ZFIN ID: ZDB-PUB-190729-18
Concentration-dependent effects of 17β-estradiol and bisphenol A on lipid deposition, inflammation and antioxidant response in male zebrafish (Danio rerio)
Sun, S.X., Zhang, Y.N., Lu, D.L., Wang, W.L., Limbu, S.M., Chen, L.Q., Zhang, M.L., Du, Z.Y.
Date: 2019
Source: Chemosphere   237: 124422 (Journal)
Registered Authors: Du, Zhen-Yu, Limbu, Samwel Michele, Lu, Dong-Liang, Zhang, Mei-Ling
Keywords: Antioxidant response, Concentration-dependent toxicity, Environmental estrogenic compounds, Inflammation, Lipid deposition, Zebrafish
MeSH Terms:
  • Animals
  • Antioxidants/metabolism*
  • Benzhydryl Compounds/metabolism
  • Benzhydryl Compounds/pharmacology*
  • Dose-Response Relationship, Drug
  • Estradiol/metabolism
  • Estradiol/pharmacology*
  • Estrogens/pharmacology
  • Gonads/drug effects
  • Inflammation/chemically induced*
  • Inflammation/metabolism
  • Lipid Metabolism/drug effects*
  • Male
  • Phenols/metabolism
  • Phenols/pharmacology*
  • Sex Differentiation
  • Water Pollutants, Chemical/toxicity*
  • Zebrafish/metabolism
PubMed: 31352104 Full text @ Chemosphere
ABSTRACT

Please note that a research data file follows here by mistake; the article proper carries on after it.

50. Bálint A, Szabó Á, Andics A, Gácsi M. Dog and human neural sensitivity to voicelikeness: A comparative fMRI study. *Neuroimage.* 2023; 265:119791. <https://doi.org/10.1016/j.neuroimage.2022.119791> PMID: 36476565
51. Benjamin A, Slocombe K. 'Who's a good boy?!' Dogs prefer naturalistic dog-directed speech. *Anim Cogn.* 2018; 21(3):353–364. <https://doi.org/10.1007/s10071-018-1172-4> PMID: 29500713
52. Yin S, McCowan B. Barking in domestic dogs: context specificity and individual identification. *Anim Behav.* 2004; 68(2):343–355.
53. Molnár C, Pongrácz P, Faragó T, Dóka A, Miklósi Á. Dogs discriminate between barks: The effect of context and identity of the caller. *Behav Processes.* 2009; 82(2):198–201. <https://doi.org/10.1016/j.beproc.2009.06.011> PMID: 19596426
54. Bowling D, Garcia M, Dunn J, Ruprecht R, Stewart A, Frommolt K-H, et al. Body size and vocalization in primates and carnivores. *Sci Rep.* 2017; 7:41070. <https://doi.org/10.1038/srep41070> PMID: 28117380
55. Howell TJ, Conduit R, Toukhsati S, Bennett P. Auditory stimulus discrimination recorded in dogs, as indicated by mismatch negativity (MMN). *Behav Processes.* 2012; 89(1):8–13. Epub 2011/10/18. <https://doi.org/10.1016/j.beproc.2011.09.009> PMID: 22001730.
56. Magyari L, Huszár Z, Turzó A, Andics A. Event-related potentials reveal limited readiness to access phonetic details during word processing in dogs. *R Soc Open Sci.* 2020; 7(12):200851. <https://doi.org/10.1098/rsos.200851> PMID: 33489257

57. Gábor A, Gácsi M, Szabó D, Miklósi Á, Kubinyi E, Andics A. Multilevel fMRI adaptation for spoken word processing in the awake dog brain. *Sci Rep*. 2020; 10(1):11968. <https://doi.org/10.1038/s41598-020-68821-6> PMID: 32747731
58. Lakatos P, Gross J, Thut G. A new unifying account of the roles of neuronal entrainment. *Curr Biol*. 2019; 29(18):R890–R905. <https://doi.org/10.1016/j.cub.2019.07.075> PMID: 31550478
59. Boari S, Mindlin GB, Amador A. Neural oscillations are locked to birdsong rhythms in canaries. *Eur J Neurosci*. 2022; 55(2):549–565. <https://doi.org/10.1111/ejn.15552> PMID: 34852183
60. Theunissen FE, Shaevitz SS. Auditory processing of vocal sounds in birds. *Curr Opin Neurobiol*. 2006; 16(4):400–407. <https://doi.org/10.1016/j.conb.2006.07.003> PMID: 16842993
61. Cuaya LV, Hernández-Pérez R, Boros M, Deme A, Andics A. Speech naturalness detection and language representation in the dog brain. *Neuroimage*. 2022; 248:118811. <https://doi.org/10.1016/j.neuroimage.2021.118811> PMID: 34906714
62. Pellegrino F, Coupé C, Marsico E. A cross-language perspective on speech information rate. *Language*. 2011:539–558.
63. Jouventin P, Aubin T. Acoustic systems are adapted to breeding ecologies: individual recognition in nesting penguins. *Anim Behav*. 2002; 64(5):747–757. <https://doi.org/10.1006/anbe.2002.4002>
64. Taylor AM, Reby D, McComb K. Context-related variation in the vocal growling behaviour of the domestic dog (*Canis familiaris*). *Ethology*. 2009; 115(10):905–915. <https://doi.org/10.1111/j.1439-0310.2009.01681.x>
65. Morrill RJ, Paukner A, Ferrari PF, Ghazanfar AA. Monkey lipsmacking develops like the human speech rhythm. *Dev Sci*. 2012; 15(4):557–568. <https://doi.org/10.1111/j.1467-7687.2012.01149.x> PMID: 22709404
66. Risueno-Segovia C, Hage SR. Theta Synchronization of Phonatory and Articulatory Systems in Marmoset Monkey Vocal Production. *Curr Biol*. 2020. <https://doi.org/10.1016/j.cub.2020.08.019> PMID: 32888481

Environmental estrogenic compounds are important pollutants, which are widely distributed in natural water bodies. They produce various adverse effects on fish, but their concentration-dependent toxicities in fish metabolism and health are not fully understood. This study investigated the effects of 17β-estradiol (E2) and bisphenol A (BPA) at low and high concentrations on lipid deposition, inflammation and antioxidant response in male zebrafish. We measured fish growth parameters, gonad development, lipid contents and the activities of inflammatory and antioxidant enzymes, as well as their mRNA expressions. All E2 and BPA concentrations used increased body weight, damaged gonad structure and induced feminization in male zebrafish. The exposure of zebrafish to E2 and BPA promoted lipid accumulation by increasing total fat, liver triglycerides and free fatty acid contents, and also upregulated lipogenic genes expression, although they decreased total cholesterol content. Notably, zebrafish exposed to low concentrations of E2 (200 ng/L) and BPA (100 μg/L) had higher lipid synthesis and deposition compared to high concentrations (2000 ng/L and 2000 μg/L, respectively). However, the high concentrations of E2 and BPA increased inflammation and antioxidant response. Furthermore, BPA caused greater damage to fish gonad development and more severe lipid peroxidation compared to E2. Overall, the results suggest that the toxic effects of E2 and BPA on zebrafish are concentration-dependent such that, the relative low concentrations used induced lipid deposition, whereas the high ones caused adverse effects on inflammation and antioxidant response.
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